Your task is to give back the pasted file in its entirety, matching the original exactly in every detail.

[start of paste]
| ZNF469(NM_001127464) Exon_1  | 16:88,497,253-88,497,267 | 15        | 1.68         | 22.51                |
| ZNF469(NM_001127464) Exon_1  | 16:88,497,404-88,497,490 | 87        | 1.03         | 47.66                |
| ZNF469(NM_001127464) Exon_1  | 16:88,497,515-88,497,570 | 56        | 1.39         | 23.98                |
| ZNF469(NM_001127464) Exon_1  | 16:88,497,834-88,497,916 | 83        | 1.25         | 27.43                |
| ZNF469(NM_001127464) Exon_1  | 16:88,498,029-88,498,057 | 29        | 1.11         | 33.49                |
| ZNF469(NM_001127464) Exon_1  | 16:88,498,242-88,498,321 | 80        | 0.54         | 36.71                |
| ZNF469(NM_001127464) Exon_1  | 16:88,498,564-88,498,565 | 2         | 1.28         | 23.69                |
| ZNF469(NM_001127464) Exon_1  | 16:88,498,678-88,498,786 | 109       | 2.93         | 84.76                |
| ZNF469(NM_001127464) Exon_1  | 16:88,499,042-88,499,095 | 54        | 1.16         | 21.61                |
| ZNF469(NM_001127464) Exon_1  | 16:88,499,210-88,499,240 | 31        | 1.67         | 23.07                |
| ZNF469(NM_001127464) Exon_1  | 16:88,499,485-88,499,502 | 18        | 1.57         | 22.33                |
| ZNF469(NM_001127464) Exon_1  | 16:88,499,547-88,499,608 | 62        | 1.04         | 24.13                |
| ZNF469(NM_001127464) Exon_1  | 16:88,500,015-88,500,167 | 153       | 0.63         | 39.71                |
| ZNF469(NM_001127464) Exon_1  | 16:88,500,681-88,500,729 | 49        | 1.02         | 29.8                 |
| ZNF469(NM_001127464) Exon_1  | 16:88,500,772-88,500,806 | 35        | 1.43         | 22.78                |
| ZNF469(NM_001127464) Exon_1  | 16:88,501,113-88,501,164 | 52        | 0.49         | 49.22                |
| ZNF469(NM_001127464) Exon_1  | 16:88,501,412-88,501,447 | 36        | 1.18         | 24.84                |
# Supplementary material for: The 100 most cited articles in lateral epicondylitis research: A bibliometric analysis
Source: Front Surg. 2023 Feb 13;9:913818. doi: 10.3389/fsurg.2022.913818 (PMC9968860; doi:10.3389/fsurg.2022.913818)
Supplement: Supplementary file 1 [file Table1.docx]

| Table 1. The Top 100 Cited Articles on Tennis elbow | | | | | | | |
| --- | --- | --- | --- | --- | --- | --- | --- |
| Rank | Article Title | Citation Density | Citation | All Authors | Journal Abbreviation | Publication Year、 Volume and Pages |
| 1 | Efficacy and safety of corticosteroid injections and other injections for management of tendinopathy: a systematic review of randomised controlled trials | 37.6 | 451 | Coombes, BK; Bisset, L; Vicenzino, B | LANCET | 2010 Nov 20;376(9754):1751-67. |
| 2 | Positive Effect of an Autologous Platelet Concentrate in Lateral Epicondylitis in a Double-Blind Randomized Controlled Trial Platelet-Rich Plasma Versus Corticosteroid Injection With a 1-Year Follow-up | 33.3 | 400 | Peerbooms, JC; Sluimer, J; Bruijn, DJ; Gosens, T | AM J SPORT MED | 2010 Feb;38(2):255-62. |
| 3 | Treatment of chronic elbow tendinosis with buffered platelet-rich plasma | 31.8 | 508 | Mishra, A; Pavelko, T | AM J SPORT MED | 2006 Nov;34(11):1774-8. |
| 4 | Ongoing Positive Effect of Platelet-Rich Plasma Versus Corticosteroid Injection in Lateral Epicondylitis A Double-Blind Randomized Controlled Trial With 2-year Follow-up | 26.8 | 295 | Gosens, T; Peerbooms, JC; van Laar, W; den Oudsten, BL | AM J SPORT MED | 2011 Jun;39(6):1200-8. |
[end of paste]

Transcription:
| ZNF469(NM_001127464) Exon_1  | 16:88,497,253-88,497,267 | 15        | 1.68         | 22.51                |
| ZNF469(NM_001127464) Exon_1  | 16:88,497,404-88,497,490 | 87        | 1.03         | 47.66                |
| ZNF469(NM_001127464) Exon_1  | 16:88,497,515-88,497,570 | 56        | 1.39         | 23.98                |
| ZNF469(NM_001127464) Exon_1  | 16:88,497,834-88,497,916 | 83        | 1.25         | 27.43                |
| ZNF469(NM_001127464) Exon_1  | 16:88,498,029-88,498,057 | 29        | 1.11         | 33.49                |
| ZNF469(NM_001127464) Exon_1  | 16:88,498,242-88,498,321 | 80        | 0.54         | 36.71                |
| ZNF469(NM_001127464) Exon_1  | 16:88,498,564-88,498,565 | 2         | 1.28         | 23.69                |
| ZNF469(NM_001127464) Exon_1  | 16:88,498,678-88,498,786 | 109       | 2.93         | 84.76                |
| ZNF469(NM_001127464) Exon_1  | 16:88,499,042-88,499,095 | 54        | 1.16         | 21.61                |
| ZNF469(NM_001127464) Exon_1  | 16:88,499,210-88,499,240 | 31        | 1.67         | 23.07                |
| ZNF469(NM_001127464) Exon_1  | 16:88,499,485-88,499,502 | 18        | 1.57         | 22.33                |
| ZNF469(NM_001127464) Exon_1  | 16:88,499,547-88,499,608 | 62        | 1.04         | 24.13                |
| ZNF469(NM_001127464) Exon_1  | 16:88,500,015-88,500,167 | 153       | 0.63         | 39.71                |
| ZNF469(NM_001127464) Exon_1  | 16:88,500,681-88,500,729 | 49        | 1.02         | 29.8                 |
| ZNF469(NM_001127464) Exon_1  | 16:88,500,772-88,500,806 | 35        | 1.43         | 22.78                |
| ZNF469(NM_001127464) Exon_1  | 16:88,501,113-88,501,164 | 52        | 0.49         | 49.22                |
| ZNF469(NM_001127464) Exon_1  | 16:88,501,412-88,501,447 | 36        | 1.18         | 24.84                |
# Supplementary material for: The 100 most cited articles in lateral epicondylitis research: A bibliometric analysis
Source: Front Surg. 2023 Feb 13;9:913818. doi: 10.3389/fsurg.2022.913818 (PMC9968860; doi:10.3389/fsurg.2022.913818)
Supplement: Supplementary file 1 [file Table1.docx]

| Table 1. The Top 100 Cited Articles on Tennis elbow | | | | | | | |
| --- | --- | --- | --- | --- | --- | --- | --- |
| Rank | Article Title | Citation Density | Citation | All Authors | Journal Abbreviation | Publication Year、 Volume and Pages |
| 1 | Efficacy and safety of corticosteroid injections and other injections for management of tendinopathy: a systematic review of randomised controlled trials | 37.6 | 451 | Coombes, BK; Bisset, L; Vicenzino, B | LANCET | 2010 Nov 20;376(9754):1751-67. |
| 2 | Positive Effect of an Autologous Platelet Concentrate in Lateral Epicondylitis in a Double-Blind Randomized Controlled Trial Platelet-Rich Plasma Versus Corticosteroid Injection With a 1-Year Follow-up | 33.3 | 400 | Peerbooms, JC; Sluimer, J; Bruijn, DJ; Gosens, T | AM J SPORT MED | 2010 Feb;38(2):255-62. |
| 3 | Treatment of chronic elbow tendinosis with buffered platelet-rich plasma | 31.8 | 508 | Mishra, A; Pavelko, T | AM J SPORT MED | 2006 Nov;34(11):1774-8. |
| 4 | Ongoing Positive Effect of Platelet-Rich Plasma Versus Corticosteroid Injection in Lateral Epicondylitis A Double-Blind Randomized Controlled Trial With 2-year Follow-up | 26.8 | 295 | Gosens, T; Peerbooms, JC; van Laar, W; den Oudsten, BL | AM J SPORT MED | 2011 Jun;39(6):1200-8. |